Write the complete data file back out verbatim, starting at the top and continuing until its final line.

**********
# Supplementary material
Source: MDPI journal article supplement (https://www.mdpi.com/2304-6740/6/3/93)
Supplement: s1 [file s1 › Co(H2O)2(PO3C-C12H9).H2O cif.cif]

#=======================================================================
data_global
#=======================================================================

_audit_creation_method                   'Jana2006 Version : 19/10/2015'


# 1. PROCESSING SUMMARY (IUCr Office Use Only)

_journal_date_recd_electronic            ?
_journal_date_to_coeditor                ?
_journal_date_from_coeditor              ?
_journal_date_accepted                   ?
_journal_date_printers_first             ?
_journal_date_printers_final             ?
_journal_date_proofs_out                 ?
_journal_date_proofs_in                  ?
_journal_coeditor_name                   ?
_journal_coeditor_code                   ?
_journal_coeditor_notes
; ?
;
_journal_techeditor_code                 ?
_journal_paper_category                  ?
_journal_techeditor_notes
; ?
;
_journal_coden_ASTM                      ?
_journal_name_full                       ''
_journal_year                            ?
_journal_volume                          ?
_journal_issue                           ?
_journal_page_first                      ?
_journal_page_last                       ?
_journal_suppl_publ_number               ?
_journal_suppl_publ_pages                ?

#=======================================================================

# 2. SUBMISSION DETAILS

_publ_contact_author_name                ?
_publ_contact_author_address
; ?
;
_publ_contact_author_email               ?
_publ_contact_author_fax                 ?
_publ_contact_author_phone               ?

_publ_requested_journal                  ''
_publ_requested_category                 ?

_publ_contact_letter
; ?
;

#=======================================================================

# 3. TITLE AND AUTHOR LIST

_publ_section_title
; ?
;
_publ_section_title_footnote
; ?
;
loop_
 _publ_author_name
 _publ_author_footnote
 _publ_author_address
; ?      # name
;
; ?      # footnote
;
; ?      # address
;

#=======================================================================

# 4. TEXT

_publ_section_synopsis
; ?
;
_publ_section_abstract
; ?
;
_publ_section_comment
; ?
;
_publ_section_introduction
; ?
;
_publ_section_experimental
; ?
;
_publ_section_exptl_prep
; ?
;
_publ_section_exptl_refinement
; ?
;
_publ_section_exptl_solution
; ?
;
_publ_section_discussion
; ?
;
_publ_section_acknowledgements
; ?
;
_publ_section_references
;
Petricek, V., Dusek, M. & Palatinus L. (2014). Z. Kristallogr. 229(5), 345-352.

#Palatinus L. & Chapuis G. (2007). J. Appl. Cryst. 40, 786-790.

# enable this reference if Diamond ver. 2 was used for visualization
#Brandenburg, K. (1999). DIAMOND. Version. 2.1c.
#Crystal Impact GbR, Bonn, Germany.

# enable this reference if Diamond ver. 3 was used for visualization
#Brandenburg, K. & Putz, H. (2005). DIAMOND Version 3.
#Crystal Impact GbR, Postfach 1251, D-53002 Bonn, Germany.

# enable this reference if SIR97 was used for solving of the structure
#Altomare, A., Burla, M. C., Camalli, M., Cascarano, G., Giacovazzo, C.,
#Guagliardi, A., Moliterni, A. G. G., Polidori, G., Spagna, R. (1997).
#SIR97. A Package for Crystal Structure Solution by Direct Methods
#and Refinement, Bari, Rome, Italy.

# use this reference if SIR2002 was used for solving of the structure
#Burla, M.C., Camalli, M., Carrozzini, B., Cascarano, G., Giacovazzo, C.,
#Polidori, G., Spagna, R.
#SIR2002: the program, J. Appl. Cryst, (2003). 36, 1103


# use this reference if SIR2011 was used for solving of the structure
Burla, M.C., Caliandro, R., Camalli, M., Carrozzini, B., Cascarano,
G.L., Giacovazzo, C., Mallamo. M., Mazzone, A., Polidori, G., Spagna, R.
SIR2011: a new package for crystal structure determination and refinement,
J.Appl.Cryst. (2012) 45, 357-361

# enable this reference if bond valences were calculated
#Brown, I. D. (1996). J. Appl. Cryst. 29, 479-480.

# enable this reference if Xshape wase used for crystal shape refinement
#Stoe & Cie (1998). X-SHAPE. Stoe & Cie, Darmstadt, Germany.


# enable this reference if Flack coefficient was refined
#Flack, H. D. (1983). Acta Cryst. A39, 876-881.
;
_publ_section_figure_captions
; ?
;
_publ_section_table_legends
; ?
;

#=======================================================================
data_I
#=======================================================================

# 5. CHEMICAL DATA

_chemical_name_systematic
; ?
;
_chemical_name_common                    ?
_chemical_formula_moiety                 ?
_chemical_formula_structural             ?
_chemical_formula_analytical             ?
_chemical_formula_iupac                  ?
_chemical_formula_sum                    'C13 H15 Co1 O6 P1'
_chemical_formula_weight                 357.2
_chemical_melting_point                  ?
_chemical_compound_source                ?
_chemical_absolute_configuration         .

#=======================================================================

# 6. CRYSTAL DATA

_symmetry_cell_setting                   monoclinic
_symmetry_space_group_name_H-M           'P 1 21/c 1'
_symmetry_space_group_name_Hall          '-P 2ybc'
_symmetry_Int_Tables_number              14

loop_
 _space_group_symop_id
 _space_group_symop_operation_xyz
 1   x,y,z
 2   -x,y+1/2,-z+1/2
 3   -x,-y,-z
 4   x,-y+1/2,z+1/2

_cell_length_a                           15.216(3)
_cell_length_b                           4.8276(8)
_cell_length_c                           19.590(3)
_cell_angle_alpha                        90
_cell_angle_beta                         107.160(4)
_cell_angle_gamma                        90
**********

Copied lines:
# Supplementary material
Source: MDPI journal article supplement (https://www.mdpi.com/2304-6740/6/3/93)
Supplement: s1 [file s1 › Co(H2O)2(PO3C-C12H9).H2O cif.cif]

#=======================================================================
data_global
#=======================================================================

_audit_creation_method                   'Jana2006 Version : 19/10/2015'


# 1. PROCESSING SUMMARY (IUCr Office Use Only)

_journal_date_recd_electronic            ?
_journal_date_to_coeditor                ?
_journal_date_from_coeditor              ?
_journal_date_accepted                   ?
_journal_date_printers_first             ?
_journal_date_printers_final             ?
_journal_date_proofs_out                 ?
_journal_date_proofs_in                  ?
_journal_coeditor_name                   ?
_journal_coeditor_code                   ?
_journal_coeditor_notes
; ?
;
_journal_techeditor_code                 ?
_journal_paper_category                  ?
_journal_techeditor_notes
; ?
;
_journal_coden_ASTM                      ?
_journal_name_full                       ''
_journal_year                            ?
_journal_volume                          ?
_journal_issue                           ?
_journal_page_first                      ?
_journal_page_last                       ?
_journal_suppl_publ_number               ?
_journal_suppl_publ_pages                ?

#=======================================================================

# 2. SUBMISSION DETAILS

_publ_contact_author_name                ?
_publ_contact_author_address
; ?
;
_publ_contact_author_email               ?
_publ_contact_author_fax                 ?
_publ_contact_author_phone               ?

_publ_requested_journal                  ''
_publ_requested_category                 ?

_publ_contact_letter
; ?
;

#=======================================================================

# 3. TITLE AND AUTHOR LIST

_publ_section_title
; ?
;
_publ_section_title_footnote
; ?
;
loop_
 _publ_author_name
 _publ_author_footnote
 _publ_author_address
; ?      # name
;
; ?      # footnote
;
; ?      # address
;

#=======================================================================

# 4. TEXT

_publ_section_synopsis
; ?
;
_publ_section_abstract
; ?
;
_publ_section_comment
; ?
;
_publ_section_introduction
; ?
;
_publ_section_experimental
; ?
;
_publ_section_exptl_prep
; ?
;
_publ_section_exptl_refinement
; ?
;
_publ_section_exptl_solution
; ?
;
_publ_section_discussion
; ?
;
_publ_section_acknowledgements
; ?
;
_publ_section_references
;
Petricek, V., Dusek, M. & Palatinus L. (2014). Z. Kristallogr. 229(5), 345-352.

#Palatinus L. & Chapuis G. (2007). J. Appl. Cryst. 40, 786-790.

# enable this reference if Diamond ver. 2 was used for visualization
#Brandenburg, K. (1999). DIAMOND. Version. 2.1c.
#Crystal Impact GbR, Bonn, Germany.

# enable this reference if Diamond ver. 3 was used for visualization
#Brandenburg, K. & Putz, H. (2005). DIAMOND Version 3.
#Crystal Impact GbR, Postfach 1251, D-53002 Bonn, Germany.

# enable this reference if SIR97 was used for solving of the structure
#Altomare, A., Burla, M. C., Camalli, M., Cascarano, G., Giacovazzo, C.,
#Guagliardi, A., Moliterni, A. G. G., Polidori, G., Spagna, R. (1997).
#SIR97. A Package for Crystal Structure Solution by Direct Methods
#and Refinement, Bari, Rome, Italy.

# use this reference if SIR2002 was used for solving of the structure
#Burla, M.C., Camalli, M., Carrozzini, B., Cascarano, G., Giacovazzo, C.,
#Polidori, G., Spagna, R.
#SIR2002: the program, J. Appl. Cryst, (2003). 36, 1103


# use this reference if SIR2011 was used for solving of the structure
Burla, M.C., Caliandro, R., Camalli, M., Carrozzini, B., Cascarano,
G.L., Giacovazzo, C., Mallamo. M., Mazzone, A., Polidori, G., Spagna, R.
SIR2011: a new package for crystal structure determination and refinement,
J.Appl.Cryst. (2012) 45, 357-361

# enable this reference if bond valences were calculated
#Brown, I. D. (1996). J. Appl. Cryst. 29, 479-480.

# enable this reference if Xshape wase used for crystal shape refinement
#Stoe & Cie (1998). X-SHAPE. Stoe & Cie, Darmstadt, Germany.


# enable this reference if Flack coefficient was refined
#Flack, H. D. (1983). Acta Cryst. A39, 876-881.
;
_publ_section_figure_captions
; ?
;
_publ_section_table_legends
; ?
;

#=======================================================================
data_I
#=======================================================================

# 5. CHEMICAL DATA

_chemical_name_systematic
; ?
;
_chemical_name_common                    ?
_chemical_formula_moiety                 ?
_chemical_formula_structural             ?
_chemical_formula_analytical             ?
_chemical_formula_iupac                  ?
_chemical_formula_sum                    'C13 H15 Co1 O6 P1'
_chemical_formula_weight                 357.2
_chemical_melting_point                  ?
_chemical_compound_source                ?
_chemical_absolute_configuration         .

#=======================================================================

# 6. CRYSTAL DATA

_symmetry_cell_setting                   monoclinic
_symmetry_space_group_name_H-M           'P 1 21/c 1'
_symmetry_space_group_name_Hall          '-P 2ybc'
_symmetry_Int_Tables_number              14

loop_
 _space_group_symop_id
 _space_group_symop_operation_xyz
 1   x,y,z
 2   -x,y+1/2,-z+1/2
 3   -x,-y,-z
 4   x,-y+1/2,z+1/2

_cell_length_a                           15.216(3)
_cell_length_b                           4.8276(8)
_cell_length_c                           19.590(3)
_cell_angle_alpha                        90
_cell_angle_beta                         107.160(4)
_cell_angle_gamma                        90